The Gulf is looking to expand its educational offerings through PPP as part of its wider economic diversification plans.
While the region has historically leveraged the PPP model for essential services and utilities, governments are increasingly turning to the finance tool for social services, such as schools, hospitals and clinics.
The UAE, Saudi Arabia, Kuwait, Oman, Jordan and Morocco all have plans afoot for major school projects funded by the PPP model.
As the Gulf Cooperation Council (GCC) nations look to build sustainable economies away from hydrocarbons, building out social infrastructure and growing education capacity is a logical next step and represents a key economic imperative.
“Quality education is a known enabler of future economic growth,” says Dominic Holt, partner at PwC Middle East, adding that development of social infrastructure, increasing private sector participation and attracting foreign investment are “central" to Gulf economic visions.
According to Nicholas Kramer, Dubai-based partner at law firm Norton Rose Fulbright, PPPs are becoming increasingly important in the Gulf to assist with growing and diversifying the education sector.
“Whilst the Gulf’s focus has primarily been on infrastructure projects, there is a strong and growing pipeline of PPPs in the education sector. These projects include the development of new education facilities, upgrading existing facilities and outsourcing management services,” he explains.
Kramer adds that the Gulf is looking to plug PPPs into its education sector to attract private expertise, promote innovation and economic growth, while reducing governmental financial burdens and sharing risk with private entities.
In a landmark deal for the UAE, Abu Dhabi announced the Zayed City Schools (ZCS) project in 2022 – the country’s first education PPP project. Administered by Besix and Plenary, the deal covers 20-year operations and maintenance of three campuses, with a total capacity of 5,360 students.
Nicolaas De Koning, head of bids and assets at Besix Middle East, recently told Partnerships Bulletin the ZCS project could mark the "first of a wave" in the region.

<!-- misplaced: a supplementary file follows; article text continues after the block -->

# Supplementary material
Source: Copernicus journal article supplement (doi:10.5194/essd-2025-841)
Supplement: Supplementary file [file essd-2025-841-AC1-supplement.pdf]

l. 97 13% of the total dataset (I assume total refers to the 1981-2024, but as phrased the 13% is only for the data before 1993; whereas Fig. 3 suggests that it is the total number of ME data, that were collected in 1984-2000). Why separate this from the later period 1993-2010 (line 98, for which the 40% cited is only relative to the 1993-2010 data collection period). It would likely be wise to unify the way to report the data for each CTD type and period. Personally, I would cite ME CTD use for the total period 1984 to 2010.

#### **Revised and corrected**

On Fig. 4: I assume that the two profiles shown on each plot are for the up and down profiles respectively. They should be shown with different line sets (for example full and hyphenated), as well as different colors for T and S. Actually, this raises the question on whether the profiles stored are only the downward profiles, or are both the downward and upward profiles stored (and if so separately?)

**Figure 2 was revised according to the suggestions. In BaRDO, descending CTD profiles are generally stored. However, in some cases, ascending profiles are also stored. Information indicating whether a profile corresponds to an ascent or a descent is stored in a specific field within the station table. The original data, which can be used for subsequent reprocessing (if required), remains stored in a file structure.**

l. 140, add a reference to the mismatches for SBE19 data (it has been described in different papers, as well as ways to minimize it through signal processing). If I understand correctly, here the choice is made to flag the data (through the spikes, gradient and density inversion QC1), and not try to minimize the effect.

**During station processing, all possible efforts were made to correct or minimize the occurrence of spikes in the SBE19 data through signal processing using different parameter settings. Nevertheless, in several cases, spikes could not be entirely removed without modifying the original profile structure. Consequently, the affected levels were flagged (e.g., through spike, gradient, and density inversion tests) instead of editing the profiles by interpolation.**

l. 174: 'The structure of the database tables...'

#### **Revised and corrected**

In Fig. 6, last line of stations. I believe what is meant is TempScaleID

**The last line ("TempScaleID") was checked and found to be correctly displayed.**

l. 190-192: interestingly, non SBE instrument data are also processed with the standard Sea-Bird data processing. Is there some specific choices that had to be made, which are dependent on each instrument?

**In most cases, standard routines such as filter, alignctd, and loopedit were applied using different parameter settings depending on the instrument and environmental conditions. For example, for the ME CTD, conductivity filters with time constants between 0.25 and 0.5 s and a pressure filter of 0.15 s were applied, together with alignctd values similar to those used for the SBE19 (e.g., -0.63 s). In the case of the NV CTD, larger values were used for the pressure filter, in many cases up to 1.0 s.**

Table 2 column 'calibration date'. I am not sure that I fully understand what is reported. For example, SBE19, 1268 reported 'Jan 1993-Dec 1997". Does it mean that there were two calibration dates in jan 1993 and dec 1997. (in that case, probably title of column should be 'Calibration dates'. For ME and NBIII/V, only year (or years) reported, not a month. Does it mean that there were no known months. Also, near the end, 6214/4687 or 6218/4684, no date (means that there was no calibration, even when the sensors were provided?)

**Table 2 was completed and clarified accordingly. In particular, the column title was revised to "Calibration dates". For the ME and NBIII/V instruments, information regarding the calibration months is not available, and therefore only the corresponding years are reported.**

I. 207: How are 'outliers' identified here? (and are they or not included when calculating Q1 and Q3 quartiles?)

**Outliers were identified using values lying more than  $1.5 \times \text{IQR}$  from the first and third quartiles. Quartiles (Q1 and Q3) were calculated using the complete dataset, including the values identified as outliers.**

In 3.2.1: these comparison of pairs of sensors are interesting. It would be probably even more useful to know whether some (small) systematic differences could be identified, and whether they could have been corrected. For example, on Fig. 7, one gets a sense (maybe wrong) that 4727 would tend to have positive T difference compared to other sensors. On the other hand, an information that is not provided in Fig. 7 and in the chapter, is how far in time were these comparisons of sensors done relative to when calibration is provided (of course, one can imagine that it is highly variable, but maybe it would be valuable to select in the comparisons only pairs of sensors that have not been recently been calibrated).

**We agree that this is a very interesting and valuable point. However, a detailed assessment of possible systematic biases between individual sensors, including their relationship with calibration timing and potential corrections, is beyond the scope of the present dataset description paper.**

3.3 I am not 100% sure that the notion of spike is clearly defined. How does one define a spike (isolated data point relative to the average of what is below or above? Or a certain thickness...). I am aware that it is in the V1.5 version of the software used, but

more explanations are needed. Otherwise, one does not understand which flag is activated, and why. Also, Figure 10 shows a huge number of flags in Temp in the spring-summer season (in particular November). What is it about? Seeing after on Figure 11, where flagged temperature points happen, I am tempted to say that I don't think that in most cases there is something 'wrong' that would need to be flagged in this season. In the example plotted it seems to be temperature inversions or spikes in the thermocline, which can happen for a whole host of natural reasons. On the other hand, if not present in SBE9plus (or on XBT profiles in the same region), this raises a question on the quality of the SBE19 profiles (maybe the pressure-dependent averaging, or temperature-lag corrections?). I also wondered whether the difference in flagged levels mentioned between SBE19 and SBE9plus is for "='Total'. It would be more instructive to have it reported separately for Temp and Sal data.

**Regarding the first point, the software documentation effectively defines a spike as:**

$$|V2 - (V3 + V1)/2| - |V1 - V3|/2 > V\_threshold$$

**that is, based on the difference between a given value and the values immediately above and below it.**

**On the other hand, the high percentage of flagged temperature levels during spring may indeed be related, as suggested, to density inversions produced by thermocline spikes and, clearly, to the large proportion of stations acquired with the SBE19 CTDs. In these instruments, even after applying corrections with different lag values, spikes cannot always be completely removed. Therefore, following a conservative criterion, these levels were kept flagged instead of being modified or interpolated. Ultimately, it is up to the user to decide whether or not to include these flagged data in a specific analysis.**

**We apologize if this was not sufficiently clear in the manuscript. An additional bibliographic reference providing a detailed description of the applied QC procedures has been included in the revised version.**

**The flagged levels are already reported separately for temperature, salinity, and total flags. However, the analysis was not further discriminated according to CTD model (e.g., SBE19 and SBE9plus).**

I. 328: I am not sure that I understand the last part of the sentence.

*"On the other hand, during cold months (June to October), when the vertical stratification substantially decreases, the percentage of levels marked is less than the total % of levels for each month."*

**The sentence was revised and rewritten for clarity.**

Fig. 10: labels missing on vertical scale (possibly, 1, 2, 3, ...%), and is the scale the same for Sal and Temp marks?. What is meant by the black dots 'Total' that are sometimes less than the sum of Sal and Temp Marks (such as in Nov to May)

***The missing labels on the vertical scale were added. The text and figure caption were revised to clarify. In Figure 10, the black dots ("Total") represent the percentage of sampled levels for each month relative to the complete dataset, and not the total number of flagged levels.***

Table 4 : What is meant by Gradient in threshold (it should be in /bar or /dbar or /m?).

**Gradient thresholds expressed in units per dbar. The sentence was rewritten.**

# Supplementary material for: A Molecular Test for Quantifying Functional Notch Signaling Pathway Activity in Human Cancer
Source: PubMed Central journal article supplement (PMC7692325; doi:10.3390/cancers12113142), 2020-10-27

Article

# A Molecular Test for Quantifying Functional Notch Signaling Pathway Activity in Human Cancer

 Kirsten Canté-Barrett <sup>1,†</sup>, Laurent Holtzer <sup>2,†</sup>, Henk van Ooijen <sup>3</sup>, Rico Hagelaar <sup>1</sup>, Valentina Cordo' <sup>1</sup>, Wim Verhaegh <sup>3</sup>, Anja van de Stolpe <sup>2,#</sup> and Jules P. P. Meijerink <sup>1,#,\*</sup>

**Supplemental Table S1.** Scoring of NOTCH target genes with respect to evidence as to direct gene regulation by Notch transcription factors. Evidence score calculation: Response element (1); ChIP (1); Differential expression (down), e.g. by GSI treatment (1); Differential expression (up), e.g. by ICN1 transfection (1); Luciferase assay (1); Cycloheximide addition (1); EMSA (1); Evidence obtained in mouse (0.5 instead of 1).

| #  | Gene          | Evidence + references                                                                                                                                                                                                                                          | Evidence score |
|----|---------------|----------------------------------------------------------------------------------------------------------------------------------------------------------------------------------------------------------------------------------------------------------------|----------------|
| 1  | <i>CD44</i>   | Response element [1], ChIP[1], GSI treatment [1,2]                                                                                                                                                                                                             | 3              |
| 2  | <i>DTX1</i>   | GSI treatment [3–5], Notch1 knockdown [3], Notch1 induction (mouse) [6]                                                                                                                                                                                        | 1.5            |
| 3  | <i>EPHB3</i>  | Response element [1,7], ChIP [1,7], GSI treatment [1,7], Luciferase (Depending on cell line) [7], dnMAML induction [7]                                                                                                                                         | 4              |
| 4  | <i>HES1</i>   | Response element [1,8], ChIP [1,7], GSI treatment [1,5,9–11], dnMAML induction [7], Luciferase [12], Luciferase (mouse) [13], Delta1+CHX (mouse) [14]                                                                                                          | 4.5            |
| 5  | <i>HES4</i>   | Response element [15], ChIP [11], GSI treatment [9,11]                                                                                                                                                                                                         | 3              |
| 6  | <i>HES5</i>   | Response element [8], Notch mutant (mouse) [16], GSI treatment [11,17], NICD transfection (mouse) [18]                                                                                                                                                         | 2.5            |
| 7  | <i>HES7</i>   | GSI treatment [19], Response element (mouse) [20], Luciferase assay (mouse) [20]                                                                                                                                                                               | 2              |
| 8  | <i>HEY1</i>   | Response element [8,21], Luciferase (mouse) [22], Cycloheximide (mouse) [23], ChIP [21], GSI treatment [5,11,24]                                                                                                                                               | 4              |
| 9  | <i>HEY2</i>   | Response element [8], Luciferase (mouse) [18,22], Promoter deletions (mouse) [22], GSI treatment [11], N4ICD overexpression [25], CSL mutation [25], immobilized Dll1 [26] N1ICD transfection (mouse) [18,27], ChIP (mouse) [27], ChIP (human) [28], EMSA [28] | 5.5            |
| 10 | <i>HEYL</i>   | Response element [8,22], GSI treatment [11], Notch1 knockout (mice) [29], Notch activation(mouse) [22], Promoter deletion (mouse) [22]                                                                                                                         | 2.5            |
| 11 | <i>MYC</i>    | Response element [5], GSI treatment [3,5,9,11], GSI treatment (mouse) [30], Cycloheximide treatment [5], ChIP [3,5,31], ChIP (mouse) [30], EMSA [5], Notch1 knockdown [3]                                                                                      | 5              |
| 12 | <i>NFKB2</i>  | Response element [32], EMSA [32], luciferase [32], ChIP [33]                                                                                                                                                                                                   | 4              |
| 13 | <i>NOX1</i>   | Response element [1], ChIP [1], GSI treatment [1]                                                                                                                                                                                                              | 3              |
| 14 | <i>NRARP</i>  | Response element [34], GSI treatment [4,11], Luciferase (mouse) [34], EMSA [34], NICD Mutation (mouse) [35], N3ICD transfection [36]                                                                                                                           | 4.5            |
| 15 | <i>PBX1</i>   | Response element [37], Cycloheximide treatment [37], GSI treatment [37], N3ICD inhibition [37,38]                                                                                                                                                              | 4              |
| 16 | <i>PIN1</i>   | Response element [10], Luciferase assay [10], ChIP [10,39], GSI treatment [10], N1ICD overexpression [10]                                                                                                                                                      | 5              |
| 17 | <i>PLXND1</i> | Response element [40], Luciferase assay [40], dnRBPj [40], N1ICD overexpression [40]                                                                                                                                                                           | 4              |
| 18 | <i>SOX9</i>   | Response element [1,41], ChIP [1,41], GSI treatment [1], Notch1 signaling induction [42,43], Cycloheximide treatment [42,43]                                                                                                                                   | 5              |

Meanwhile, Saudi Arabia is building 60 schools via PPP in Mecca and Jeddah, and has plans for more training schools and boarding school bundles. Eleven education projects were announced earlier this year under the kingdom’s PPP programme.
Notably, one of these projects aims to tender 180 education buildings and relevant facilities across various locations in Saudi Arabia.
Oman’s Ministry of Finance recently accepted tenders for its first PPP in the education sector. This is also an ambitious project, which attracted a strong response from the private sector, with 170 companies submitting expressions of interest. This project will see a winning partner design, build, finance, and maintain 42 schools across the Sultanate.
With strong political backing and a commitment from governments to go down the PPP route in developing social infrastructure pipelines, it is perhaps no surprise that the region is attracting plenty of international interest. And in the education sector, the Gulf can benefit from plenty of expertise and experience, thanks to a relatively long history of schools projects in other parts of the world, particularly in Europe.
“The many global lessons learned through multiple rounds of international education projects can be instigated from the start in the GCC markets,” says Holt.
And perhaps unlike some other sectors, such as transport or even hospitals, school design and delivery is broadly similar the world over, meaning that experience can quickly and effectively be brought to bear in the Middle East.
Holt adds that creating a committed pipeline will be key to the success of the Gulf’s education-focused PPP drive. That will enable foreign investors and providers to plan the necessary investment and form partnerships, as well as allow authorities to take advantage of economies of scale and maintain competition.
“Sponsoring authorities need to ensure that the proposed programmes are fully aligned to their long-term education strategies, and that the required services and requirements are well considered prior to coming to the market, thus allowing for efficient procurement,” he concludes.
With plenty of projects waiting to get off the mark - and a growing recognition from governments that such investment is required by growing populations - being able to attract a strong range of international investors will be critical to ensuring bidders don’t simply cherry pick the most profitable. Strong competition must be the focus.